Your tuts, though, will have been misplaced. The Hayward's new growth - Alarm Tower (1998-1999) by the Chinese artist, Wang Du - is not so much architecture as art; or at least something that hovers evasively been the two. It is an outward extrusion of "Cities on the Move", the South- East Asian urban extravaganza currently occupying the Hayward.
Those of you familiar with the teachings of the Dutch architect-cum-media- prophet, Rem Koolhaas, will know his views on the nightmarishness of cities, and in particular of cities in South East Asia. With conurbations like Shenzhen doubling in size every five years on the back of economies whose rapaciousness and volatility make the California Gold Rush seem a model of Swiss prudence, the contemporary Oriental urban experience is in many ways a monstrous one. The old securities no longer hold; divisions between things like private and public life are lost. Koolhaas, who is both fascinated by this dystopia and responsible for the design of "Cities on the Move", has tried to recreate the uncertainties of life in, say, Shenzhen by subverting the certainties of gallery-going at the Hayward. Among much else, Koolhaas, in his self-appointed role as fifth horseman of the apocalypse, has discarded the idea of the gallery as a safe container for art, and allowed the ephemera of "Cities on the Move" to cluster, shanty-like, on the terraces overlooking Waterloo Bridge Road.
This is nothing, though, compared with the architect's recreation of what he calls "urban overkill inside the Hayward". The first thing that strikes you on walking into "Cities on the Move" is an overwhelming desire to walk back out again. All the things you associate with art exhibitions - quiet and order high among them - are missing. Rather than clarifying the works on show, Koolhaas's set designs treat them as disposable: feel the urge to see Aaron Tan's slide and audio installation, City on Fire (1998), and you will have to pick your way around the back of a minatory slab of black-painted two-by-four to find it; David d'Heilly's You are Here (1997-1999) - the recreation of an empty room of the kind lived in by Tokyo sweatshop workers - is hidden behind a cheap plastic curtain. Even more maddeningly, the individual artworks intrude on each other's spaces: the cacophonous soundtrack of Yutaka Sone's Night Bus (1997) - a feature-length loop of Warholian nothingness whose subject is exactly what you might imagine it to be - shouts to make itself heard over those of Karl Heinz Klopf's Environments (1998) and Fiona Tan's May You Live in Interesting Times (1997). One piece - Chen Zhen's Precipitous Parturition (1999), a 50-foot flying dragon made of bicycles, bicycle tyres and toy cars - starts off in one gallery, snakes through another and ends up in a third. Even Koolhaas's own sets are totems of a disposable culture, being made out of the leftovers of an earlier Hayward installation by Zaha Hadid: the deconstructer deconstructed, if you like.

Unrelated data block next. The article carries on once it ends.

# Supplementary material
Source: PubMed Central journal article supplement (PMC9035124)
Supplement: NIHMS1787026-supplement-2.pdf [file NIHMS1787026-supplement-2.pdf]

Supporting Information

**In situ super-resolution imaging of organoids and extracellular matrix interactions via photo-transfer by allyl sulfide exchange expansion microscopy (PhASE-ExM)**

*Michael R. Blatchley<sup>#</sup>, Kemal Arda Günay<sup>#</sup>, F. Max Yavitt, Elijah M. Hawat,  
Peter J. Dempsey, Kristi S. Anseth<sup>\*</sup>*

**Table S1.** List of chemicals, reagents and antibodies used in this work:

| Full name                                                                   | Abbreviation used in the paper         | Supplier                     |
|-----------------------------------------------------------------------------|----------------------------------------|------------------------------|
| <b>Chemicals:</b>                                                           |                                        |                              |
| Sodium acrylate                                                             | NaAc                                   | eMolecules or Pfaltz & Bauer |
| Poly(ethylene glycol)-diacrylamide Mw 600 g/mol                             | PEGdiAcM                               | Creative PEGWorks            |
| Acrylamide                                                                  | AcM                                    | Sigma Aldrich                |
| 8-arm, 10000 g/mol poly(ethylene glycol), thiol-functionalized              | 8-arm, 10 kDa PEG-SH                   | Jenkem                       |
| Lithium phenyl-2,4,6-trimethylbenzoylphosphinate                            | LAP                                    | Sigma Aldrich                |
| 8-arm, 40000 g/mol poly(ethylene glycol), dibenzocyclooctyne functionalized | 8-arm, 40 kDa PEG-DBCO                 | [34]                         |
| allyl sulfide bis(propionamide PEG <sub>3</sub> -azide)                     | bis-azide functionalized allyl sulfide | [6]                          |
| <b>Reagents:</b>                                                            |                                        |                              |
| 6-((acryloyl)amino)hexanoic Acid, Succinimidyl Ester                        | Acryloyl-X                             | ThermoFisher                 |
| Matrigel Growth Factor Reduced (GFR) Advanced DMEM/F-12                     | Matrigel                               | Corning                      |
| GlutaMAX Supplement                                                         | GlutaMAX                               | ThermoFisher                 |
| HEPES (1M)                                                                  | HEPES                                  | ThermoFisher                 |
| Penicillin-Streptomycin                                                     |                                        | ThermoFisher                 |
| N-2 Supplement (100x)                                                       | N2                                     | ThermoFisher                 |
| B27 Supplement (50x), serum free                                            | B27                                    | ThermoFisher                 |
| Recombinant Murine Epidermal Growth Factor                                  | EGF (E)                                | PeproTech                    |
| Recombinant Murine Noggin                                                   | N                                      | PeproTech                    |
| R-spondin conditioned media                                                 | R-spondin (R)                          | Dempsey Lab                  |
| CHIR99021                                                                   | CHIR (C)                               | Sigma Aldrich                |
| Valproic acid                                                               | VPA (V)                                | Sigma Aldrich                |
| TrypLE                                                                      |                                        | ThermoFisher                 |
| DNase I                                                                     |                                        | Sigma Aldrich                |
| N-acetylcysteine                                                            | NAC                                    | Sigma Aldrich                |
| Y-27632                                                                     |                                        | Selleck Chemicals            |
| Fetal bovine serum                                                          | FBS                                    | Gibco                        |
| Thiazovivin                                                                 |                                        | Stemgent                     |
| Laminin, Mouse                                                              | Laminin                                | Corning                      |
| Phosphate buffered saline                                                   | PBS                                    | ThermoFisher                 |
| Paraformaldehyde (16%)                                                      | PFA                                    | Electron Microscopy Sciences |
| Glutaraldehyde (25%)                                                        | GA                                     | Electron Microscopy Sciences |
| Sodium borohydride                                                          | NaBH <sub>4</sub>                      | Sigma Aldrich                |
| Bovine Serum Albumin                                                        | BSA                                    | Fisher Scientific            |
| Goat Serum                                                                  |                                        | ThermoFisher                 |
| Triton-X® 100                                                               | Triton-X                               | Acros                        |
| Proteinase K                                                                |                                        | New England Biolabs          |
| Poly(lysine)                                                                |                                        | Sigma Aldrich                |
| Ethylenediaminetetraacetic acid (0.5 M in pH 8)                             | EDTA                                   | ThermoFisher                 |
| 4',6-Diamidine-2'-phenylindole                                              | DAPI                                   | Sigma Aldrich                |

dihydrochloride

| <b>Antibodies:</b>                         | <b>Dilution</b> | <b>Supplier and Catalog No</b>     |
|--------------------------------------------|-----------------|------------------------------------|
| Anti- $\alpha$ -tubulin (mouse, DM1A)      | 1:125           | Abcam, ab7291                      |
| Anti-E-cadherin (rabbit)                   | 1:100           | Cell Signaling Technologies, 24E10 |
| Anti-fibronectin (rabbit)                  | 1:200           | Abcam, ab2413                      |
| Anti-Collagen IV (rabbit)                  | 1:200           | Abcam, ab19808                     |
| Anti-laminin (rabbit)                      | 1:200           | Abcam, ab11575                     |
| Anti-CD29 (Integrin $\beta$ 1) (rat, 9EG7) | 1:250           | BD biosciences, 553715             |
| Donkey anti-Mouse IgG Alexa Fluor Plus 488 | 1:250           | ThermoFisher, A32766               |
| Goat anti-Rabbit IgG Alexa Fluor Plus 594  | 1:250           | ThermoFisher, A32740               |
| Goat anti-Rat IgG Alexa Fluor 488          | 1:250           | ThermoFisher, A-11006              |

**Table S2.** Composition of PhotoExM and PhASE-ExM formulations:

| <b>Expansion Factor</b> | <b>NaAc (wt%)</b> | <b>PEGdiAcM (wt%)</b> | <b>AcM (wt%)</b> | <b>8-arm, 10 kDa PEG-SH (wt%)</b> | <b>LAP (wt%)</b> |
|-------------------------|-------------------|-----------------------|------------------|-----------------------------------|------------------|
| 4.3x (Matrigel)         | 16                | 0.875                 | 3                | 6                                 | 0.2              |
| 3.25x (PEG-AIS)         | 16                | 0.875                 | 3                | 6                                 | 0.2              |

I have to confess at this point that I find it almost impossible to remember any of the individual works mentioned above without reference to the exhibition's catalogue. If "Cities on the Move" were a show of, say, Klee drawings, this might be chalked up as an architectural black mark against Koolhaas's design; as it is, you might prefer to view it as something of a triumph.
To understand "Cities on the Move", the show should be read precisely not as a series of autonomous works of art but as what I have little doubt its designer would call a single meta-work. Put more simply, "Cities on the Move" is a mess whose point is its messiness: by playing on our expectations of order in art galleries, the Hayward's show immerses us in the idea of Asian urban disorder. Various separable themes stand out from this curatorial Babel - the poignant absence of people from bedsits and tuk-tuks seems an understandable fantasy for artists who have to work without privacy, and Americanisation is predictably rife - but the overwhelming sense is of a larger, Koolhaasian whole.
Those of you who think that celebrity chefs should stay in the kitchen may find this irritating. My own feeling is that, for all the evident cleverness of Koolhaas's design, there is a distant but patronising whiff of Eurocentricity. More to the point, on the day I visited it at least, it simply didn't work. The missing factor was people: recreating a simulacrum of overpopulation is all very well, but walking through it by yourself is faintly embarrassing, like sailing alone through a Tunnel of Love.
The Hayward Gallery does owe Koolhaas a debt of gratitude, though. Whatever the shortcomings of its engagement with the East, the show's engagement with the gallery is breathtaking. The Hayward can seldom have had such demands made on its flexibility as a showing space, and it rises to them with ease. Even its new watch-tower has a certain charm. Those who would like to tear the place down should take note.
'Cities on the Move': Hayward, SE1 (0171 928 3144) to 27 June